Extracts from Bilingual: Life and Reality – Introduction

by expert · 3 comments

It is our great honor at Multilingual Living to publish this series of extracts from Professor François Grosjean’s new book Bilingual: Life and Reality, which has been nominated for the Edward Sapir Book Prize 2010.  Prof. Grosjean knows intimately what he writes about: not only is he “one of the grand old men of research on bilingualism” but is himself bilingual.

Over the course of the next eight weeks, we will be presenting extracts from the introductory chapter as well as six chapters on childhood bilingualism.  The information presented is intended to dispel the myriad of myths that abound about bilingualism as well as give us a glimpse into the life of someone who has spent a lifetime living and researching the life of bilinguals.

In addition, we encourage readers to read Prof. Grosjean’s Q & A series as his answers are packed with information and wisdom.  For more information about Prof. Francois Grosjean, please visit his website as well as his Psychology Today blog.

Introduction of Bilingual: Life and Reality, by François Grosjean
– Part One –

Ater publishing my books Life with Two Languages and Studying Bilinguals and many scholarly papers, I felt the need to write the simple, basic introduction (to bilingualism) I had been looking for as a young man.

Even though the phenomenon is widespread, bilingualism as a topic is still unfamiliar to most people. In addition, bilingualism is surrounded by a number of myths: bilinguals are rare and have equal and perfect knowledge of their languages; real bilinguals have acquired their two or more languages in childhood and have no accent in either of them; bilinguals are born translators; switching between languages is a sign of laziness in bilinguals; all bilinguals are also bicultural; bilinguals have double or split personalities; bilingualism will delay language acquisition in children and have negative effects on their development; if you want your child to grow up bilingual, use the one person–one language approach; children being raised bilingual will always mix their languages; and so on.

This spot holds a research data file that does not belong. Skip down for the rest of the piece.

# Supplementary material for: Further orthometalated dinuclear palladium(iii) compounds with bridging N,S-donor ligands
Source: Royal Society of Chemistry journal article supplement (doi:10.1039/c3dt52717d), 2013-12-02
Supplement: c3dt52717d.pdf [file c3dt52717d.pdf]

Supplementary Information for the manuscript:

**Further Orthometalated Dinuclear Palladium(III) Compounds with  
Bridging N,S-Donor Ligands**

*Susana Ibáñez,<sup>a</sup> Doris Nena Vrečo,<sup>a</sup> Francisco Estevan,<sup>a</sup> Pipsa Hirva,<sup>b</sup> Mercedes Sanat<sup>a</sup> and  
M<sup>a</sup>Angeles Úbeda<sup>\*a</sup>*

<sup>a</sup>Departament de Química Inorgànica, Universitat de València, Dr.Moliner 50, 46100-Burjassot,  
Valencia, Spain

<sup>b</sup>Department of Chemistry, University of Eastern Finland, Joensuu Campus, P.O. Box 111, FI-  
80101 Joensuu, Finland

My first aim in this book is to present the various facets of being bilingual as simply and as clearly as possible and, while doing so, to demystify who bilinguals are. (….) My second aim—as important as the first—is to offer bilinguals a book about who they are, written by someone who is himself bilingual and who has been through the highs and lows of living with several languages and cultures.

I want this book to be optimistic but also realistic. Bilingualism is not the burden or the problem it has been made out to be by some, but neither is it the complete bliss that others would have us believe. Bilingualism is quite simply a fact of life for millions and millions of people, with its ups and downs, its good times and its bad times, its moments of joy (there are many) and its moments of frustration (there are some). As a bilingual and bicultural person myself, I will try to describe people who, like me, know and use several languages and interact with different cultures; I will try do so in as clear and informative a way as possible.